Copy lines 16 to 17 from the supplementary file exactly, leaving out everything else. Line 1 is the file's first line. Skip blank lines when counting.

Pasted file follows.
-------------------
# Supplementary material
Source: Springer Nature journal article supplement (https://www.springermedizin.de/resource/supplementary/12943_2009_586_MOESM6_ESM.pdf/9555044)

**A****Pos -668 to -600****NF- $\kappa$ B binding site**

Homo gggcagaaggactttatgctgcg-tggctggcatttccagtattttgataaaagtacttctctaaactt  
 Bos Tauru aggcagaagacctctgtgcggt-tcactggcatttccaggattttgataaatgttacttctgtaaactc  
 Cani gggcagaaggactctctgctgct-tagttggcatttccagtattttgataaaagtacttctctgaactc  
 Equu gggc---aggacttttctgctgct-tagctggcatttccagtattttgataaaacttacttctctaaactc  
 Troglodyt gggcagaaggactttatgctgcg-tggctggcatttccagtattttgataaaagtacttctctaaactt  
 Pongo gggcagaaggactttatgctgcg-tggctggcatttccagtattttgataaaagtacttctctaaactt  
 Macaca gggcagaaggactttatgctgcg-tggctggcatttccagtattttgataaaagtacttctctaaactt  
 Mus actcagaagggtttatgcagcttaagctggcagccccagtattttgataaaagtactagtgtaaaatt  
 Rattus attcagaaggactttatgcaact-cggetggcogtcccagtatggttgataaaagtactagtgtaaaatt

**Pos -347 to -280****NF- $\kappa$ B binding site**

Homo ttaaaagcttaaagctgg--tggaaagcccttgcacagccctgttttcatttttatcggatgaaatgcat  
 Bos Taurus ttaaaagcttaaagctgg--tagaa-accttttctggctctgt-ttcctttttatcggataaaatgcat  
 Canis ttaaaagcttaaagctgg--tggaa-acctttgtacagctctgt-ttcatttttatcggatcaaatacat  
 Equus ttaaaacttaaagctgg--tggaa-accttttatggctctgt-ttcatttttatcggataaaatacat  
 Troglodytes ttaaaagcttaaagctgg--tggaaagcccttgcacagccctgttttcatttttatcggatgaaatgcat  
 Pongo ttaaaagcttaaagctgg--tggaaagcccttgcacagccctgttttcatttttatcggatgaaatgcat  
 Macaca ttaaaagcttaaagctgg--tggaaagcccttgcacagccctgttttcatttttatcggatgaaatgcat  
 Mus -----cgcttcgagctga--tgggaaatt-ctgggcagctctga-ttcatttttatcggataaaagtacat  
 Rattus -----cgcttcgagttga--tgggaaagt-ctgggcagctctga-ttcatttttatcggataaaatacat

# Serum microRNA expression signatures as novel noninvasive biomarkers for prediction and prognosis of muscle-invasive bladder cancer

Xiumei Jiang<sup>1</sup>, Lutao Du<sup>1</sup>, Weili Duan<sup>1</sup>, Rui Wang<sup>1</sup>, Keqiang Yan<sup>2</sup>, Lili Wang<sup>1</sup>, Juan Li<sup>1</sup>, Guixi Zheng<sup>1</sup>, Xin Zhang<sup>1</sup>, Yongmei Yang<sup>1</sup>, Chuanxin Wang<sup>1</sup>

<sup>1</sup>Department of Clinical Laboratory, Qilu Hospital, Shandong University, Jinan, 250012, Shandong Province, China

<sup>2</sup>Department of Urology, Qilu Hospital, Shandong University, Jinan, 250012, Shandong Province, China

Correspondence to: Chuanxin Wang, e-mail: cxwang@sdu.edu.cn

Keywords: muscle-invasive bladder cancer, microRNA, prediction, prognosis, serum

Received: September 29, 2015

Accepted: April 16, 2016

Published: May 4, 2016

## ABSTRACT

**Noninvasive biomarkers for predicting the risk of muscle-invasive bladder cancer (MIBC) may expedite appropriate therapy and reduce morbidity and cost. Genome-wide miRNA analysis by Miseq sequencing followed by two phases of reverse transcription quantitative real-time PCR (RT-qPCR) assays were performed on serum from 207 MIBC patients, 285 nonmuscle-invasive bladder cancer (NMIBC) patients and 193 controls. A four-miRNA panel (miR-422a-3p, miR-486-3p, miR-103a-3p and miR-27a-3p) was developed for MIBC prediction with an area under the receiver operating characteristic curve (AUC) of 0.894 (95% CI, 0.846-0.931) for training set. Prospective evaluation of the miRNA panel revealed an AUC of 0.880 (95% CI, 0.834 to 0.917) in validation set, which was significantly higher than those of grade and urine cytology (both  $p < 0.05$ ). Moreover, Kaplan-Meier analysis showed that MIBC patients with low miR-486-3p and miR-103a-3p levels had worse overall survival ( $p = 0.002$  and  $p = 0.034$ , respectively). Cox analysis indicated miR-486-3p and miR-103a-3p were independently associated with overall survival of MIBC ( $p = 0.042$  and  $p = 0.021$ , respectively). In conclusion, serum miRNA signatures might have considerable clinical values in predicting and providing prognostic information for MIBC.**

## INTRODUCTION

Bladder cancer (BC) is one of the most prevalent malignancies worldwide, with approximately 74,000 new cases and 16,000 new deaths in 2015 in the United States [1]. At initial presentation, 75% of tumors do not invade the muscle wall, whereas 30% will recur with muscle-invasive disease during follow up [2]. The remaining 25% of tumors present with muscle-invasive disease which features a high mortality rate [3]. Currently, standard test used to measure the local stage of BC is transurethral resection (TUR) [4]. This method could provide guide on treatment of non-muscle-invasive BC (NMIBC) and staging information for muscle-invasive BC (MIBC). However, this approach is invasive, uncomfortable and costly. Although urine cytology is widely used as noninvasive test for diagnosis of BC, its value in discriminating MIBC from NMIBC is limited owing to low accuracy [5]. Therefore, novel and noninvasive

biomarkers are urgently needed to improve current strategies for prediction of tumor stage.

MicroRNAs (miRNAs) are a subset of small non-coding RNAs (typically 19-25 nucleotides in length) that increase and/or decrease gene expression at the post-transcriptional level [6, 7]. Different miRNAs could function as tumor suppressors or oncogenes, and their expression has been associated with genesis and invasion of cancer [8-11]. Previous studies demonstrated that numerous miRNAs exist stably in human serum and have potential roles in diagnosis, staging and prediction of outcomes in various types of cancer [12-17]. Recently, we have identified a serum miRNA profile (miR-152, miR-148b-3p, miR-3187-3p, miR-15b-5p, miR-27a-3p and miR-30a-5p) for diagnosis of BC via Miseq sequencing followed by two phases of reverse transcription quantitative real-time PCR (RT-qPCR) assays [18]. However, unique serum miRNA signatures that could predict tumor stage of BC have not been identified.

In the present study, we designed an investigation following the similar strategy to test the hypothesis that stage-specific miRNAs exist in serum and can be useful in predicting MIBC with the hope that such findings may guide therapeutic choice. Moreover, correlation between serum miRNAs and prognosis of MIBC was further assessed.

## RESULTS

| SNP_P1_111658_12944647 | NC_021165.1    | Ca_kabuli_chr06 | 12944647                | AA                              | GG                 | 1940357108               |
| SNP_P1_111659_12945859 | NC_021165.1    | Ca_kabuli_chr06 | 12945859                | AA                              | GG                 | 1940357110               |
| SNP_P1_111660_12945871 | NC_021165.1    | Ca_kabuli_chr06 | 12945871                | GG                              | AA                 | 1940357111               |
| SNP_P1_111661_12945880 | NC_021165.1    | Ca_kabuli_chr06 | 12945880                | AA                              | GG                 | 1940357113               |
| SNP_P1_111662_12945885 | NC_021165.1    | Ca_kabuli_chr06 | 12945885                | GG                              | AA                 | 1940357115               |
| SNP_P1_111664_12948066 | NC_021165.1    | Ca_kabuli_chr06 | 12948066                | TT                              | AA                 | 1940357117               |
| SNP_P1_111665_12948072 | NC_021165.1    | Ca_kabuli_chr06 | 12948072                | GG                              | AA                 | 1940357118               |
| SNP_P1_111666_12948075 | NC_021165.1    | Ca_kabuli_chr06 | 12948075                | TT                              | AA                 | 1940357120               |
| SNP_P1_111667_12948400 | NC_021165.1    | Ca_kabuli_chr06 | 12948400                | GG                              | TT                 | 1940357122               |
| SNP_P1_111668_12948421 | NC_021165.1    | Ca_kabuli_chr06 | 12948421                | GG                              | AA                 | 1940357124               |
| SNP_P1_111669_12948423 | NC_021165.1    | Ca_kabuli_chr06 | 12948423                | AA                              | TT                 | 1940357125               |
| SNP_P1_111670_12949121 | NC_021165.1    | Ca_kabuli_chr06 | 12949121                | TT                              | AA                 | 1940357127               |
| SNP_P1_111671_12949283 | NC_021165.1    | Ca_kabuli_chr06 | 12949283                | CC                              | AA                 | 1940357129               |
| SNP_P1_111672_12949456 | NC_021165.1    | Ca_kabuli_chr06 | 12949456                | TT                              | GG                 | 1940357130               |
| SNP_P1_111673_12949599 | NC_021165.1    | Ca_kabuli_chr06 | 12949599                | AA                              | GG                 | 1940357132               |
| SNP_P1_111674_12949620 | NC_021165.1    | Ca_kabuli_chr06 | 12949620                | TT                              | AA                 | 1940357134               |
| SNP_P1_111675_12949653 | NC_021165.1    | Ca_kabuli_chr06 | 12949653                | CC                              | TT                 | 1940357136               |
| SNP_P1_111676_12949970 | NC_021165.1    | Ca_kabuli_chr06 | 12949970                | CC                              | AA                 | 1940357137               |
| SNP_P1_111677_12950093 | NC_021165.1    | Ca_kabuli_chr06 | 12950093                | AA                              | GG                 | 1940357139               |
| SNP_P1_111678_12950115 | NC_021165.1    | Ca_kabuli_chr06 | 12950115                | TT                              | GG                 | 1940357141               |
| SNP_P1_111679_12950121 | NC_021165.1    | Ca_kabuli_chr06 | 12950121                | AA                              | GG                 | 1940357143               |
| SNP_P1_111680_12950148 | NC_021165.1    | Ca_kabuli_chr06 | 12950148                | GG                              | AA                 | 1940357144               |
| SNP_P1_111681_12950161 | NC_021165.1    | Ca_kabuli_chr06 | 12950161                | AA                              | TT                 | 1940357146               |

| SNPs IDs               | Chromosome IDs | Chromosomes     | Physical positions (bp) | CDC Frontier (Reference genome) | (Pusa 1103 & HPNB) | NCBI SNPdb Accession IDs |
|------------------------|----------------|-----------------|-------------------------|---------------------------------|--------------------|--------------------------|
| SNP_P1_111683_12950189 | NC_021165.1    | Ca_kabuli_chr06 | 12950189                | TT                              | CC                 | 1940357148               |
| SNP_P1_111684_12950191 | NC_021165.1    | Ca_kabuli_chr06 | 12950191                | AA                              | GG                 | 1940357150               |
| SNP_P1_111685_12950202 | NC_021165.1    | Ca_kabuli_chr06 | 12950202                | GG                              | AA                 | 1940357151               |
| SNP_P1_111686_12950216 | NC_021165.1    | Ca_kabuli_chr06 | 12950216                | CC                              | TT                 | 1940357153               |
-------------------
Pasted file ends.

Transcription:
 Canis ttaaaagcttaaagctgg--tggaa-acctttgtacagctctgt-ttcatttttatcggatcaaatacat  
 Equus ttaaaacttaaagctgg--tggaa-accttttatggctctgt-ttcatttttatcggataaaatacat  